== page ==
My biggest hothouse has a strip of lovely rich soil to grow tropical papayas, several Thai herbs and spices, including galangal.
Russell Fransham on galangal
Greater galangal, Alpinia galanga, is called kha in Thailand and is the ginger which distinguishes Thai food from other regional cuisines. Its unmistakable sweet, pine resin pungency gives the familiar gustatory zing to tom yum soups and many other Thai favourites. Just scratch the skin of a stem or rhizome and you release a cascade of mouthwatering smells.
The dried or frozen rhizomes which are usually sold in specialty shops here are a poor substitute indeed for freshly cut kha. The young shoots are sweeter, less pungent and more tender than mature rhizomes, whose taste is intense and far more complex.
Generally the rhizome is chopped into chunks then bruised with a mallet or the back of a cleaver to release the flavour during cooking. Then once the dish is served, you place these pieces to the side of the plate as they are usually too fibrous to chew. I sometimes grate the youngest tender shoots or slice them very thinly so they are edible when cooked.
Greater galangal is a slender, glossy leafed ginger about 80cm high.
It can reach 1.5m in a hothouse. It is evergreen, unlike most other edible gingers. It needs warm conditions all year and does best in a hothouse. It also needs well-drained, friable, composty soil with steady moisture and can be harvested at any time of year.
It is never going to be a pest like the notorious kahili ginger that swarms across Northland‘s hills in some areas. They are only very remotely related to each other in much the same way that cannas and bananas are related to each other.
In late summer, galangal produces tall flower spikes comprising hundreds of tiny creamy flowers with red veins but no perfume.
Rather than digging the plant up, I just scratch away the soil and cut off enough for the recipe so the rest of the plant continues to grow undisturbed. The rhizomes are about finger-thickness and I use secateurs to remove a meal-sized piece.
There are two different strains of kha in New Zealand:
red galangal which has pink rhizomes and is more cold hardy and the white rhizome form, which is sweeter but even less hardy to cold.
For some years, one or two unscrupulous sellers on Trade Me have sold what they call galangal with a mystical-sounding blurb about its flavour and uses but what they are selling in this case is actually Hedychium coronarium, the common ornamental white-flowered butterfly ginger from the Himalayas, which tastes ghastly and is not galangal. This ornamental ginger has rather beautiful, perfumed white flowers through autumn and grows vigorously outdoors even in the South Island.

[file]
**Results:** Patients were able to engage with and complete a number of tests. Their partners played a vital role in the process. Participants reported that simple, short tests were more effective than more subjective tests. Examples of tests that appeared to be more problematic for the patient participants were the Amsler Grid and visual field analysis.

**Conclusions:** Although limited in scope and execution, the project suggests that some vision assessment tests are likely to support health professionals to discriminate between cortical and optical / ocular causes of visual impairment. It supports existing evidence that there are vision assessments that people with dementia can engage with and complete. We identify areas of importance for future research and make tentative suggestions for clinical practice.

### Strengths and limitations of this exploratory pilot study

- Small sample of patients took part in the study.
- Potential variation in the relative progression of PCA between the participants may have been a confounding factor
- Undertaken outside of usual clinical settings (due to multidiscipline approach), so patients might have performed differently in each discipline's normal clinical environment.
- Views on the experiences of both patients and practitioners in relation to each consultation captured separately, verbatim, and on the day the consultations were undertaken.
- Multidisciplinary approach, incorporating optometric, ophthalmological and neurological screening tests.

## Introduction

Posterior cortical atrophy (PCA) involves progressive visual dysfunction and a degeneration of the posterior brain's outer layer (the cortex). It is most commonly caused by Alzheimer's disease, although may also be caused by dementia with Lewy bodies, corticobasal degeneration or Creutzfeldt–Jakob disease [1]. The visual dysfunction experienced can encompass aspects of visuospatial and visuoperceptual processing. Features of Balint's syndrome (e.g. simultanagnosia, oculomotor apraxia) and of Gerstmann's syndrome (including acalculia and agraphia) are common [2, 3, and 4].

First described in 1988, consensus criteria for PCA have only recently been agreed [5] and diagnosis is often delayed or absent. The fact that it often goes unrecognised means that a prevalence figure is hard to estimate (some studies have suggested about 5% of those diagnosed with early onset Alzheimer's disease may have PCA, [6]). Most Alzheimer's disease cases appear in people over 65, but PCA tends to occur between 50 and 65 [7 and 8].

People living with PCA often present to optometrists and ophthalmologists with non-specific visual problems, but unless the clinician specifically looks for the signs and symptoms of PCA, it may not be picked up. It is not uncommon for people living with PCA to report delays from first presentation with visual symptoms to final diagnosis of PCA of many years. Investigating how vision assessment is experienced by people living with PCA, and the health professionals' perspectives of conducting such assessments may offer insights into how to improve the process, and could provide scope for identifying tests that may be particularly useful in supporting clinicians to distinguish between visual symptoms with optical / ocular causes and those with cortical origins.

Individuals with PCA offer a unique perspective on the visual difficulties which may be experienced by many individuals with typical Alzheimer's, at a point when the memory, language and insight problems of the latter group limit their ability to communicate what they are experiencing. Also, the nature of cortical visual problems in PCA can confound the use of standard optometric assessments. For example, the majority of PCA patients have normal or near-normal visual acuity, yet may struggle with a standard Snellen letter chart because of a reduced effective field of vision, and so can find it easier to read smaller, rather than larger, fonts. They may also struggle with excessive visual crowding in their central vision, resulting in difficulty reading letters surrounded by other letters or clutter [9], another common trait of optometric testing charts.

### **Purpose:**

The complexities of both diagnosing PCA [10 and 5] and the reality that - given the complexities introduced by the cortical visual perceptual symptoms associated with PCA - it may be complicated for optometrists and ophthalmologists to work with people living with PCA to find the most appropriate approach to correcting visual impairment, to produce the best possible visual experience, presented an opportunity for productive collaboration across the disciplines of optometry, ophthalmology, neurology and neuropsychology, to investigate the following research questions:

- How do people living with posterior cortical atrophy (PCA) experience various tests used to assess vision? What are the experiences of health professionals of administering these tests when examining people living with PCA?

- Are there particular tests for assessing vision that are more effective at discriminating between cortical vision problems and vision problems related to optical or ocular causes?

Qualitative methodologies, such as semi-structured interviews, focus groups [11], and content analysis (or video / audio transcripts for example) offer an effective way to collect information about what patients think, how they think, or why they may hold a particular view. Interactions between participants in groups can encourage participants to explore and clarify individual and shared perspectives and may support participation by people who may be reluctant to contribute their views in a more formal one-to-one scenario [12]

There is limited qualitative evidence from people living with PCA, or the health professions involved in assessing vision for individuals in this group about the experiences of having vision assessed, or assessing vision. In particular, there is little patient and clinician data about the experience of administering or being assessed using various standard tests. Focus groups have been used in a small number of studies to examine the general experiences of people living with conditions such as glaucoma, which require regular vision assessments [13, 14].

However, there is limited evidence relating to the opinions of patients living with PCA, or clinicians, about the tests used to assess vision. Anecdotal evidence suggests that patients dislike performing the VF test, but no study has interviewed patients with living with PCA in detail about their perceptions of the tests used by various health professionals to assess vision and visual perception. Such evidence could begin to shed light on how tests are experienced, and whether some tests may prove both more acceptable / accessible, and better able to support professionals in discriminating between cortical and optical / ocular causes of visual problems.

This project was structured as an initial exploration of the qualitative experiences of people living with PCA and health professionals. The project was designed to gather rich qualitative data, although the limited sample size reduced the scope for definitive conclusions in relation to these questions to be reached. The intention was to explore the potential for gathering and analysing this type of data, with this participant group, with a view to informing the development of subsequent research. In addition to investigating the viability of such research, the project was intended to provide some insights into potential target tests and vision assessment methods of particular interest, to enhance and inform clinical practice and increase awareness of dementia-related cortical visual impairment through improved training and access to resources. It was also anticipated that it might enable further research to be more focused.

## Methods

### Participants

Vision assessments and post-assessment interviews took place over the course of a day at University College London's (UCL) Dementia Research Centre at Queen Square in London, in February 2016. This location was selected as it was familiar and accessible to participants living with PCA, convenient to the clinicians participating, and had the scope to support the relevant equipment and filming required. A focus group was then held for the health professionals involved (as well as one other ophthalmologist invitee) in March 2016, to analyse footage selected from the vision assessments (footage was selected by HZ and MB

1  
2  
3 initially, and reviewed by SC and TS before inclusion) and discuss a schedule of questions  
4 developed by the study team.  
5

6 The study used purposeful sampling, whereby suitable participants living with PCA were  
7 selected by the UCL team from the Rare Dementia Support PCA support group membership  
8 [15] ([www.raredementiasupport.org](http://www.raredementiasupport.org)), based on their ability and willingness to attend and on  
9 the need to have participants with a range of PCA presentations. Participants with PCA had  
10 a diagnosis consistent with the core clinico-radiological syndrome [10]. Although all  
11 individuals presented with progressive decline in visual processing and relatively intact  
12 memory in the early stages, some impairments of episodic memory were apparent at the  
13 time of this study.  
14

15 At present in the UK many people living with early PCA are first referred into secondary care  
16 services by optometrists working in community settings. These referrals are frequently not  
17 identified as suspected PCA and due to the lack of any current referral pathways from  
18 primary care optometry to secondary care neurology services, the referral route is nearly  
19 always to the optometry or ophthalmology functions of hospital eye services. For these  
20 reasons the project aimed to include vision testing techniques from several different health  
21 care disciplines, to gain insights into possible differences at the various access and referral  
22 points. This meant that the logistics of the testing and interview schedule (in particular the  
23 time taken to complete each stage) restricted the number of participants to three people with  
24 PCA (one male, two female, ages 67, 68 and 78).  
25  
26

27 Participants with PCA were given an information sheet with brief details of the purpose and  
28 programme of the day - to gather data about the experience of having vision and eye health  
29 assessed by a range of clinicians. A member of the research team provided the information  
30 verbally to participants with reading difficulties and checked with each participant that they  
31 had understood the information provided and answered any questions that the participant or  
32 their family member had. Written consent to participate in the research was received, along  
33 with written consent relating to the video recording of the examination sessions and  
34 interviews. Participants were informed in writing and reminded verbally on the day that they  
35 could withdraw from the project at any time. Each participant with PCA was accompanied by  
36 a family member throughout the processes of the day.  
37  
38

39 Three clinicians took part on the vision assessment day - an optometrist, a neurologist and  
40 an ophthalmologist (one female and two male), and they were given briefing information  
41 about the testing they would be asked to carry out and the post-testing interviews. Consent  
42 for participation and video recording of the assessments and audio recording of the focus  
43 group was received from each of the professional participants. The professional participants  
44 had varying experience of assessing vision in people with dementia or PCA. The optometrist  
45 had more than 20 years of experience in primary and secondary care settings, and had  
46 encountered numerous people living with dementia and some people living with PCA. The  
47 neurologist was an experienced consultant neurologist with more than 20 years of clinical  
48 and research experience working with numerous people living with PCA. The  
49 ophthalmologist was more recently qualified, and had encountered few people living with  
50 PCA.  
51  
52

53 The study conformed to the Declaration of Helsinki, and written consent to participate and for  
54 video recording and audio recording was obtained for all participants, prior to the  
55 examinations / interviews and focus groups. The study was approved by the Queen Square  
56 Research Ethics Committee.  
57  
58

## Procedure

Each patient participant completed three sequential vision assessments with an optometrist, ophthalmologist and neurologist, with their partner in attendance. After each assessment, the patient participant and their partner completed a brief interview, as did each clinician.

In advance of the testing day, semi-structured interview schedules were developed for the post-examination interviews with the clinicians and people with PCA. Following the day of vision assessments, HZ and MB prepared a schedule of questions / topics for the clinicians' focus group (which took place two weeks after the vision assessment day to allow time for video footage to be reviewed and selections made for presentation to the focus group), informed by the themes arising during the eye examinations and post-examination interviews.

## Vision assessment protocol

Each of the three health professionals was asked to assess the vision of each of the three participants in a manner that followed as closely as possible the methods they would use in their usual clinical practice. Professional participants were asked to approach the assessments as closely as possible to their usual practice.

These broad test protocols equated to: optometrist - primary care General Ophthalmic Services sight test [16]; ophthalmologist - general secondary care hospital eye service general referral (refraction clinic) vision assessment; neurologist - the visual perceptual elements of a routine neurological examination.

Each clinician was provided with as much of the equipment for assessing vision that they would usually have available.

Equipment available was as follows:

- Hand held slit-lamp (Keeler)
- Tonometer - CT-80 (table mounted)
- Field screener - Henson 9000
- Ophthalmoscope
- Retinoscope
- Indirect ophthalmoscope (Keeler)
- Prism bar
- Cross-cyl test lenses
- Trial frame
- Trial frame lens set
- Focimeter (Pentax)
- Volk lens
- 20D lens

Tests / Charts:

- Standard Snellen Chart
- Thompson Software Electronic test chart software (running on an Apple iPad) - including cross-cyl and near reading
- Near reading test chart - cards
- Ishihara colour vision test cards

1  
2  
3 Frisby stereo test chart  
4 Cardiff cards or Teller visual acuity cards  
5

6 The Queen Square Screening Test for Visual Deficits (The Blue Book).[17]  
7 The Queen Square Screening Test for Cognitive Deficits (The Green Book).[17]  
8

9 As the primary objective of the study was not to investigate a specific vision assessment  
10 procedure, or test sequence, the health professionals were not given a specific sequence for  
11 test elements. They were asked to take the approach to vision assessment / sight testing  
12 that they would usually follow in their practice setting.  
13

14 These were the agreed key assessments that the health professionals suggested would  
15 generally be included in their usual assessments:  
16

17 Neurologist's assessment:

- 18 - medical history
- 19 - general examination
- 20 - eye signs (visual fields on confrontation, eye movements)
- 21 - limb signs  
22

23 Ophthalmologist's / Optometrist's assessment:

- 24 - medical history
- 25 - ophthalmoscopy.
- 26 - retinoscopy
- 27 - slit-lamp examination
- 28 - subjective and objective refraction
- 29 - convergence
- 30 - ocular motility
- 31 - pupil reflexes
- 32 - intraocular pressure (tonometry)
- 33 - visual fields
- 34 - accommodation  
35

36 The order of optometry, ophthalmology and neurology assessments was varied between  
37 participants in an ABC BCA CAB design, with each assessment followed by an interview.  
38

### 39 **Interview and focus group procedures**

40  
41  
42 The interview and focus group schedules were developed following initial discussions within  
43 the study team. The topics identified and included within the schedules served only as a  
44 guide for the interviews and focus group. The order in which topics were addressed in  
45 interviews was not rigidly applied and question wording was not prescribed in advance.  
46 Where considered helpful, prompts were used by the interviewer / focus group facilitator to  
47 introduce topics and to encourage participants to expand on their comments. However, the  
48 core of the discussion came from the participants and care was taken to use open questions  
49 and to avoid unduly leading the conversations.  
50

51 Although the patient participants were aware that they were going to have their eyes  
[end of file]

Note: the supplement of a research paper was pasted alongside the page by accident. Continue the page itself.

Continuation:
Galangal will only grow outdoors very slowly, in a very warm spot and it spends much of the year looking brown and sad.
This is mainly because our winters are wet and the soil simply gets too cold.
If you don’t have a hothouse, it will grow better in a bucket-sized dark pot so the sun warms the roots and it can be taken indoors over winter to keep the soil drier and warmer. Galangal really needs to be kept above 15°C all year round, even at night.
Even in my biggest hothouse which is unheated, the clumps of kha show a lot of browning from the colder nights through winter. But by October, a flush of new shoots emerges as the soil warms, and the clump renews itself through summer and autumn.
Almost all the ingredients used in traditional Thai food are grown in New Zealand in home gardens, but kha plants are seldom seen in nurseries. They are usually passed from one family to another down the generations.
But if a few brave and adventurous growers wanted to start growing these commercially, I’m sure there would be a very appreciative market for these fresh ingredients, especially in the largest cities.
There has been an exciting new development in Northland recently.
An enthusiastic group of tropical food growers have got together to form the Tropical Fruit Growers of New Zealand (TFGNZ) and these folk are already busy exploring many new warm climate crops that could be grown commercially in the north of New Zealand.
Trials are already well under way with bananas, coffee, pineapples and prickly pear. There will no doubt be more tropical candidates to be added to this list, including greater galangal.
Commercially grown Asian spices and herbs such as galangal, ginger and turmeric could easily be another page in the story of Northland’s horticultural economy.
I see exciting times ahead for the North with TFGNZ.
Galangal red and white cultivars.
Galangal can sometimes be found in farmers’ markets.